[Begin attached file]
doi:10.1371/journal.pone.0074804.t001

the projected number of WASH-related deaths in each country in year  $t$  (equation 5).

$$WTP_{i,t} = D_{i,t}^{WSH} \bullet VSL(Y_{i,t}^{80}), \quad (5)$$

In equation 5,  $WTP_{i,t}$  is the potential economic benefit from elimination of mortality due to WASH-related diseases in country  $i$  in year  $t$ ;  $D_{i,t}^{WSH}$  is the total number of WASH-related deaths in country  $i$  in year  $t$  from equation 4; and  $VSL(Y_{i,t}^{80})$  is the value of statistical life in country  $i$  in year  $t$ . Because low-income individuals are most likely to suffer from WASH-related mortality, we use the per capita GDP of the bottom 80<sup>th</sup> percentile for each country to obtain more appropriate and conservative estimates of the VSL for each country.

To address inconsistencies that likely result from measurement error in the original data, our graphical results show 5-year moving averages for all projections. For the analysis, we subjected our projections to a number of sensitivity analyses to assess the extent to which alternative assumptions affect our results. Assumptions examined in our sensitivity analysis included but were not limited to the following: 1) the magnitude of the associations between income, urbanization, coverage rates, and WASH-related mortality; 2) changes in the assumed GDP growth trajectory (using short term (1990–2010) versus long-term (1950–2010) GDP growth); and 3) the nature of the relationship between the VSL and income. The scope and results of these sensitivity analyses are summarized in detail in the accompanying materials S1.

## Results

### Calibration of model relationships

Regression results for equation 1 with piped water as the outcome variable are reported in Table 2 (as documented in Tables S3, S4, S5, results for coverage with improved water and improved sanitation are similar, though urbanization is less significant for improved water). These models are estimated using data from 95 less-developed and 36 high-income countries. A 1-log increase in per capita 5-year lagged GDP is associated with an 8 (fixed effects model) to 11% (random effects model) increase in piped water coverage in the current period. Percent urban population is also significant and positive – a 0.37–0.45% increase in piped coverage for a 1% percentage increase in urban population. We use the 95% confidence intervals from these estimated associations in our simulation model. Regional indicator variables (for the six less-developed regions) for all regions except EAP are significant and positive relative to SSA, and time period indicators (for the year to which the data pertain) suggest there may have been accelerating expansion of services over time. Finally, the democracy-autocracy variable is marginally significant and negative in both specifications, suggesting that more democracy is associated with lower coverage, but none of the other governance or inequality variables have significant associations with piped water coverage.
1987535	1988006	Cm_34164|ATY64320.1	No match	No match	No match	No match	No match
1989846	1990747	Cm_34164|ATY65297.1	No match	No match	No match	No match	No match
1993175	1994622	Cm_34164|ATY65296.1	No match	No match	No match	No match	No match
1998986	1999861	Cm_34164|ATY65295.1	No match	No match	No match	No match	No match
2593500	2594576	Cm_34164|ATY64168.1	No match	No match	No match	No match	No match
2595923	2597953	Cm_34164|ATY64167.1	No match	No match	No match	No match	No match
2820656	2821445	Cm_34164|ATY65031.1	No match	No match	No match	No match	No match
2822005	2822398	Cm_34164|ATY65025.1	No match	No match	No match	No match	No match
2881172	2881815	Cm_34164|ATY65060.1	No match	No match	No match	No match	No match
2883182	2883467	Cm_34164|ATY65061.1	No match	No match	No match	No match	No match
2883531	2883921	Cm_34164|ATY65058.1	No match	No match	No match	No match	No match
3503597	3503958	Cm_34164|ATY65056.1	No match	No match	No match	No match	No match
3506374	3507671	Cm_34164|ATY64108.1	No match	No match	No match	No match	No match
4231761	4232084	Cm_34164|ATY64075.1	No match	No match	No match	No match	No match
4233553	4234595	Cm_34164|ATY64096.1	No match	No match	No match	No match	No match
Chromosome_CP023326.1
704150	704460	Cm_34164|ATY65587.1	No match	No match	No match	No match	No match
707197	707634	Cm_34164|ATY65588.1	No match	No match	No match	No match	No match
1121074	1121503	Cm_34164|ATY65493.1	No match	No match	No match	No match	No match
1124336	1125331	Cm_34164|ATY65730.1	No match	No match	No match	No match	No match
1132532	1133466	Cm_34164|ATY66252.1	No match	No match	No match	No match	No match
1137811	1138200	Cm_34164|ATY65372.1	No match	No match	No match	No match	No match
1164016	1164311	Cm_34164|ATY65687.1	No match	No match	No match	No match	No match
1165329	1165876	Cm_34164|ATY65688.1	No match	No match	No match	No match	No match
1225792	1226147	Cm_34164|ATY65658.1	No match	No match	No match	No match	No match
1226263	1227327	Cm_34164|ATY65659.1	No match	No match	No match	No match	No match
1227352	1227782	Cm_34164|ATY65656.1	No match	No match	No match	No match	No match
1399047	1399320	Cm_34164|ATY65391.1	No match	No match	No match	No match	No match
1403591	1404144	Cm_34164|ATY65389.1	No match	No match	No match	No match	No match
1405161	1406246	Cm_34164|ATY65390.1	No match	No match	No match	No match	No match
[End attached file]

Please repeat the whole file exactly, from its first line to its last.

doi:10.1371/journal.pone.0074804.t001

the projected number of WASH-related deaths in each country in year  $t$  (equation 5).

$$WTP_{i,t} = D_{i,t}^{WSH} \bullet VSL(Y_{i,t}^{80}), \quad (5)$$

In equation 5,  $WTP_{i,t}$  is the potential economic benefit from elimination of mortality due to WASH-related diseases in country  $i$  in year  $t$ ;  $D_{i,t}^{WSH}$  is the total number of WASH-related deaths in country  $i$  in year  $t$  from equation 4; and  $VSL(Y_{i,t}^{80})$  is the value of statistical life in country  $i$  in year  $t$ . Because low-income individuals are most likely to suffer from WASH-related mortality, we use the per capita GDP of the bottom 80<sup>th</sup> percentile for each country to obtain more appropriate and conservative estimates of the VSL for each country.

To address inconsistencies that likely result from measurement error in the original data, our graphical results show 5-year moving averages for all projections. For the analysis, we subjected our projections to a number of sensitivity analyses to assess the extent to which alternative assumptions affect our results. Assumptions examined in our sensitivity analysis included but were not limited to the following: 1) the magnitude of the associations between income, urbanization, coverage rates, and WASH-related mortality; 2) changes in the assumed GDP growth trajectory (using short term (1990–2010) versus long-term (1950–2010) GDP growth); and 3) the nature of the relationship between the VSL and income. The scope and results of these sensitivity analyses are summarized in detail in the accompanying materials S1.

## Results

### Calibration of model relationships

Regression results for equation 1 with piped water as the outcome variable are reported in Table 2 (as documented in Tables S3, S4, S5, results for coverage with improved water and improved sanitation are similar, though urbanization is less significant for improved water). These models are estimated using data from 95 less-developed and 36 high-income countries. A 1-log increase in per capita 5-year lagged GDP is associated with an 8 (fixed effects model) to 11% (random effects model) increase in piped water coverage in the current period. Percent urban population is also significant and positive – a 0.37–0.45% increase in piped coverage for a 1% percentage increase in urban population. We use the 95% confidence intervals from these estimated associations in our simulation model. Regional indicator variables (for the six less-developed regions) for all regions except EAP are significant and positive relative to SSA, and time period indicators (for the year to which the data pertain) suggest there may have been accelerating expansion of services over time. Finally, the democracy-autocracy variable is marginally significant and negative in both specifications, suggesting that more democracy is associated with lower coverage, but none of the other governance or inequality variables have significant associations with piped water coverage.
1987535	1988006	Cm_34164|ATY64320.1	No match	No match	No match	No match	No match
1989846	1990747	Cm_34164|ATY65297.1	No match	No match	No match	No match	No match
1993175	1994622	Cm_34164|ATY65296.1	No match	No match	No match	No match	No match
1998986	1999861	Cm_34164|ATY65295.1	No match	No match	No match	No match	No match
2593500	2594576	Cm_34164|ATY64168.1	No match	No match	No match	No match	No match
2595923	2597953	Cm_34164|ATY64167.1	No match	No match	No match	No match	No match
2820656	2821445	Cm_34164|ATY65031.1	No match	No match	No match	No match	No match
2822005	2822398	Cm_34164|ATY65025.1	No match	No match	No match	No match	No match
2881172	2881815	Cm_34164|ATY65060.1	No match	No match	No match	No match	No match
2883182	2883467	Cm_34164|ATY65061.1	No match	No match	No match	No match	No match
2883531	2883921	Cm_34164|ATY65058.1	No match	No match	No match	No match	No match
3503597	3503958	Cm_34164|ATY65056.1	No match	No match	No match	No match	No match
3506374	3507671	Cm_34164|ATY64108.1	No match	No match	No match	No match	No match
4231761	4232084	Cm_34164|ATY64075.1	No match	No match	No match	No match	No match
4233553	4234595	Cm_34164|ATY64096.1	No match	No match	No match	No match	No match
Chromosome_CP023326.1
704150	704460	Cm_34164|ATY65587.1	No match	No match	No match	No match	No match
707197	707634	Cm_34164|ATY65588.1	No match	No match	No match	No match	No match
1121074	1121503	Cm_34164|ATY65493.1	No match	No match	No match	No match	No match
1124336	1125331	Cm_34164|ATY65730.1	No match	No match	No match	No match	No match
1132532	1133466	Cm_34164|ATY66252.1	No match	No match	No match	No match	No match
1137811	1138200	Cm_34164|ATY65372.1	No match	No match	No match	No match	No match
1164016	1164311	Cm_34164|ATY65687.1	No match	No match	No match	No match	No match
1165329	1165876	Cm_34164|ATY65688.1	No match	No match	No match	No match	No match
1225792	1226147	Cm_34164|ATY65658.1	No match	No match	No match	No match	No match
1226263	1227327	Cm_34164|ATY65659.1	No match	No match	No match	No match	No match
1227352	1227782	Cm_34164|ATY65656.1	No match	No match	No match	No match	No match
1399047	1399320	Cm_34164|ATY65391.1	No match	No match	No match	No match	No match
1403591	1404144	Cm_34164|ATY65389.1	No match	No match	No match	No match	No match
1405161	1406246	Cm_34164|ATY65390.1	No match	No match	No match	No match	No match